The Interview

Garrett Brown: Would you start by telling our readers a little bit about yourself and your background?

Richard B. Hays: I grew up in Oklahoma, went to an Episcopal day school as a high school student, and had a rich education there that included daily chapel. That had the effect of getting the Book of Common Prayer into my bones, although I was a Methodist by family upbringing.

I went to Yale as an undergraduate and ended up being an English major. I was particularly immersed in poetry and drama of the 16th and 17th centuries. After that, I went to seminary, graduated from Yale Divinity School in 1977, and continued on to a PhD at Emory in New Testament Studies. Continue reading “Interview with Richard B. Hays”

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Tolkien, Coleridge, and Subcreation

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Tolkien’s idea of subcreation has been much discussed by his fans and critics. Few, however, have located the source of that idea in the work of Samuel Taylor Coleridge. The Biographia Literaria provides a clue. In chapter 13, on the imagination “or esemplastic power,” we read:

The imagination I consider either as primary, or secondary. The primary imagination I hold to be the living Power and prime Agent of all human Perception, and as a repetition in the finite mind of the eternal act of creation in the infinite I AM. The secondary I consider as an echo of the former, co-existing with the conscious will, yet still as identical with the primary in the kind of its agency, and differing only in degree, and in the mode of its operation. It dissolves, diffuses, dissipates, in order to re-create; or where this process is rendered impossible, yet still at all events it struggles to idealize and to unify. It is essentially vital, even as all objects (as objects) are essentially fixed and dead.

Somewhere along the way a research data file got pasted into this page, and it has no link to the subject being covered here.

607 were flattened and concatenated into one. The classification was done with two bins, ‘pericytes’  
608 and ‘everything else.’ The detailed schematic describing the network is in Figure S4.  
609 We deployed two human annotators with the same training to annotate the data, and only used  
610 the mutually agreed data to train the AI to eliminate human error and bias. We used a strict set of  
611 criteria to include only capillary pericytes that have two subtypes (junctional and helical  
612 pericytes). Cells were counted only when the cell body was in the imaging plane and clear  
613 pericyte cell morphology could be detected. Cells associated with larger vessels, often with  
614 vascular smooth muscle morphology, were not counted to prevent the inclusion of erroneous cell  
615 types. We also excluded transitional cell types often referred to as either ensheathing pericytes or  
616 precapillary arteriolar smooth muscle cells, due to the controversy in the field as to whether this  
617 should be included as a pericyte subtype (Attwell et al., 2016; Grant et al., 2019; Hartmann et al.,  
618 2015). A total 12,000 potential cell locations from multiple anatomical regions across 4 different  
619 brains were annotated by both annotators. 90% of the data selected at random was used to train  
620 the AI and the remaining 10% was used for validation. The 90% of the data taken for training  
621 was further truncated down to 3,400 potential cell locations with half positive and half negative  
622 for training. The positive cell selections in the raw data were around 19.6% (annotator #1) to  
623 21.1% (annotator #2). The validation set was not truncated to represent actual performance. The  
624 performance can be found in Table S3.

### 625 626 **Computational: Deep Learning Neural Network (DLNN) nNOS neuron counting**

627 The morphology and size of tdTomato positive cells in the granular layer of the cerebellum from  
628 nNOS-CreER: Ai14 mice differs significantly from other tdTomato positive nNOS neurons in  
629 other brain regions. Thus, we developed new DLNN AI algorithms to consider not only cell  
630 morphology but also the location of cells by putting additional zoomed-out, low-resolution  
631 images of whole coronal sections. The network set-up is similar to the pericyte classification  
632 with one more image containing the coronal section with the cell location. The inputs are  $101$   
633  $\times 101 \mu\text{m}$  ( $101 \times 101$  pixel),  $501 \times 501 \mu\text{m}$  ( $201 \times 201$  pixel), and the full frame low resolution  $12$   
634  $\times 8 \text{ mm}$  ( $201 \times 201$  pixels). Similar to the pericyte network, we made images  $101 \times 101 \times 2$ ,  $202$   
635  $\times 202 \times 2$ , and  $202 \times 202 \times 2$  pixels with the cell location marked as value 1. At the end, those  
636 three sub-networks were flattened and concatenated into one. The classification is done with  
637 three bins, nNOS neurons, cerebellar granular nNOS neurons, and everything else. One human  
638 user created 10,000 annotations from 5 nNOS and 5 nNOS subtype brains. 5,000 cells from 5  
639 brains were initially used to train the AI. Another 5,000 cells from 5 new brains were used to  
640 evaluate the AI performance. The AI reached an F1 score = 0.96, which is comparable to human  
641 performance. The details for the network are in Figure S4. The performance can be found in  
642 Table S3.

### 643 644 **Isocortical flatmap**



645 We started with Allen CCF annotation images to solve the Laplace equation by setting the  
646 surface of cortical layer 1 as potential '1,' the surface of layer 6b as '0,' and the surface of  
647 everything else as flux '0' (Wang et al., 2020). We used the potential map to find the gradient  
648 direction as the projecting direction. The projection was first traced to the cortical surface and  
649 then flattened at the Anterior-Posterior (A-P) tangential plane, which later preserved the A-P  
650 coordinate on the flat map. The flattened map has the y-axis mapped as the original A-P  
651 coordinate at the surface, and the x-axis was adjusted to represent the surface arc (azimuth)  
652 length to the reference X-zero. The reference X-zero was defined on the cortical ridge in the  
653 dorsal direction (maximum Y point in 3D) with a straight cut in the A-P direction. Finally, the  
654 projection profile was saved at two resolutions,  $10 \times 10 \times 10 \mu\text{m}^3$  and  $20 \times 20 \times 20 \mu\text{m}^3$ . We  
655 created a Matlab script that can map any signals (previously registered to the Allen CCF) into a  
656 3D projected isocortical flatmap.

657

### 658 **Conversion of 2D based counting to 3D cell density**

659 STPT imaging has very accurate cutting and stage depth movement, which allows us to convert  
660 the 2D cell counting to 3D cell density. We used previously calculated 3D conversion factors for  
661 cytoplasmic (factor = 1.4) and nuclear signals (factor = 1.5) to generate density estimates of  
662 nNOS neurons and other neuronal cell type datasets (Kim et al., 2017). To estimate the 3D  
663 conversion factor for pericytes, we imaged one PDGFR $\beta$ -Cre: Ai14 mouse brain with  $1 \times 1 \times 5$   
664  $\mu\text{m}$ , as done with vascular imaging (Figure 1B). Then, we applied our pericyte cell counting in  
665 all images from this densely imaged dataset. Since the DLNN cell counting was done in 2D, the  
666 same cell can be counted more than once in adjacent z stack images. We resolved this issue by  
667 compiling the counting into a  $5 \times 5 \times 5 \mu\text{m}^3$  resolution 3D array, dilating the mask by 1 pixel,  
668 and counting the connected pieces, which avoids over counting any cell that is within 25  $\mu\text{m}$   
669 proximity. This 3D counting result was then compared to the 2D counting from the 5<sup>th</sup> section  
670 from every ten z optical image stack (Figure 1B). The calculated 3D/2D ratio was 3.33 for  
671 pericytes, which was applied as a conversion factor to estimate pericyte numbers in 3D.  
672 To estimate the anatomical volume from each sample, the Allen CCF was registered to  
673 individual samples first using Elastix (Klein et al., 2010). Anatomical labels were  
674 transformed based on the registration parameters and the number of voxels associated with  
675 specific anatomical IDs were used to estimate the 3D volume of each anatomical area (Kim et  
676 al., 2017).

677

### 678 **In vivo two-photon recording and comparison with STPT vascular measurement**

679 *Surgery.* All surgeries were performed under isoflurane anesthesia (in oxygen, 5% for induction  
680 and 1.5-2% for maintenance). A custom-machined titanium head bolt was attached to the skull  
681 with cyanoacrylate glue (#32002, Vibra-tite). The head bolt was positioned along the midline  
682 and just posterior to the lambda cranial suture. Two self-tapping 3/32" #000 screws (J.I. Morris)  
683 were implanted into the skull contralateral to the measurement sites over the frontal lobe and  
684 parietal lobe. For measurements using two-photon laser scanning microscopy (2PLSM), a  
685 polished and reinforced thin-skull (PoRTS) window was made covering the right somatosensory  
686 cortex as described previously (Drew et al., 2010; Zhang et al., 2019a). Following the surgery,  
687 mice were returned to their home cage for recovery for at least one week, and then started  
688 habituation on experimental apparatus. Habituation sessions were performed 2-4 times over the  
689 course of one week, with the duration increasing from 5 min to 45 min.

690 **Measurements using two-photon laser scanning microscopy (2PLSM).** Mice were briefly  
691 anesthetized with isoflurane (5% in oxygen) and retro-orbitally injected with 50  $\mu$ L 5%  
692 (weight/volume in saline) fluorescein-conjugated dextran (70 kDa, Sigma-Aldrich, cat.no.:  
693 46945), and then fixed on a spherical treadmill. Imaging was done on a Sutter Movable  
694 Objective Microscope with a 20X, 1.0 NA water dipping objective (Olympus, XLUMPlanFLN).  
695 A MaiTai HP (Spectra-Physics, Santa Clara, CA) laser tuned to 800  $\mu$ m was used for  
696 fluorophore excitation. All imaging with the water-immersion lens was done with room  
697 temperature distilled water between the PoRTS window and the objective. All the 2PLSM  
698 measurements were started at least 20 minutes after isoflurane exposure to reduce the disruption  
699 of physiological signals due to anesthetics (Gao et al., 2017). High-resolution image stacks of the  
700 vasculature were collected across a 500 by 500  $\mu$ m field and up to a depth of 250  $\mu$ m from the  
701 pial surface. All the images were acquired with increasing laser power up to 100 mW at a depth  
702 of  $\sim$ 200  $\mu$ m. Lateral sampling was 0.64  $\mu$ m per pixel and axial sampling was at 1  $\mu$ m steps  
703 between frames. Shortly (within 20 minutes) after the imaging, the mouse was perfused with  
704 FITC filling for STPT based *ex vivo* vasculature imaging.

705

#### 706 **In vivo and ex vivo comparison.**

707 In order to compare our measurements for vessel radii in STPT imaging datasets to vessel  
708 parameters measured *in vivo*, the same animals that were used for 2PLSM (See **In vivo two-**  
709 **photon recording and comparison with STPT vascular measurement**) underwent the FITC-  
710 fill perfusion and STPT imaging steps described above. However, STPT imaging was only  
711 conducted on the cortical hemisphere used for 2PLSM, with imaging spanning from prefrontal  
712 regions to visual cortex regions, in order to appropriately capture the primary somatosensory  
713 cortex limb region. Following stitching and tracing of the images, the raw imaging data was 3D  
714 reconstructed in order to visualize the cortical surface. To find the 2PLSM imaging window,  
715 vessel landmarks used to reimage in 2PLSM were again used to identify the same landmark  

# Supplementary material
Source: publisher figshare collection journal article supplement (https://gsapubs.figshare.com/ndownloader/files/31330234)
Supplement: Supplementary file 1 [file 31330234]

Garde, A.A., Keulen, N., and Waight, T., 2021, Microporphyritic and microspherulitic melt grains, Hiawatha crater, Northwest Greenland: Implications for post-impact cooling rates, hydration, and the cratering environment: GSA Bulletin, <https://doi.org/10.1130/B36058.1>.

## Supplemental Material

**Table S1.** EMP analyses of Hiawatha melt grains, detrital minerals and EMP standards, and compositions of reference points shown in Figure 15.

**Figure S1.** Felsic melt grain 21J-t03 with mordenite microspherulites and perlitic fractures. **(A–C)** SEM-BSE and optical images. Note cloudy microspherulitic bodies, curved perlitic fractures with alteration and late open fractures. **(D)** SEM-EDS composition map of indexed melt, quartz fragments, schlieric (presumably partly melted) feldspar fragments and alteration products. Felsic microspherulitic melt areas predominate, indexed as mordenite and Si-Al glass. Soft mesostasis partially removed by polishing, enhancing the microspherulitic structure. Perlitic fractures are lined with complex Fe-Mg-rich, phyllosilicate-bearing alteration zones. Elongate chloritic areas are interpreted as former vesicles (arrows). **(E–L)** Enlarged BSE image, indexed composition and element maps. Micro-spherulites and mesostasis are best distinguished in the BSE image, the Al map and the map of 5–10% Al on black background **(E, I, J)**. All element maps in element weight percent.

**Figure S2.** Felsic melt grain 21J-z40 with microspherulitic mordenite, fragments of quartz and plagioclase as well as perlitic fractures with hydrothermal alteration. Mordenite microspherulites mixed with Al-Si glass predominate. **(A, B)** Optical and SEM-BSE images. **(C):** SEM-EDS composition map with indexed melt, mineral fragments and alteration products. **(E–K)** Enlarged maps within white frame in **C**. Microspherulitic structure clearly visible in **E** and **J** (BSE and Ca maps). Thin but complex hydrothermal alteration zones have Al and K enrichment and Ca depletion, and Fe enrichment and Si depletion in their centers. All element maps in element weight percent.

Fancy, on the contrary, has no other counters to play with, but fixities and definites. The Fancy is indeed no other than a mode of Memory emancipated from the order of time and space; and blended with, and modified by that empirical phenomenon of the will, which we express by the word Choice. But equally with the ordinary memory it must receive all its materials ready made from the law of association.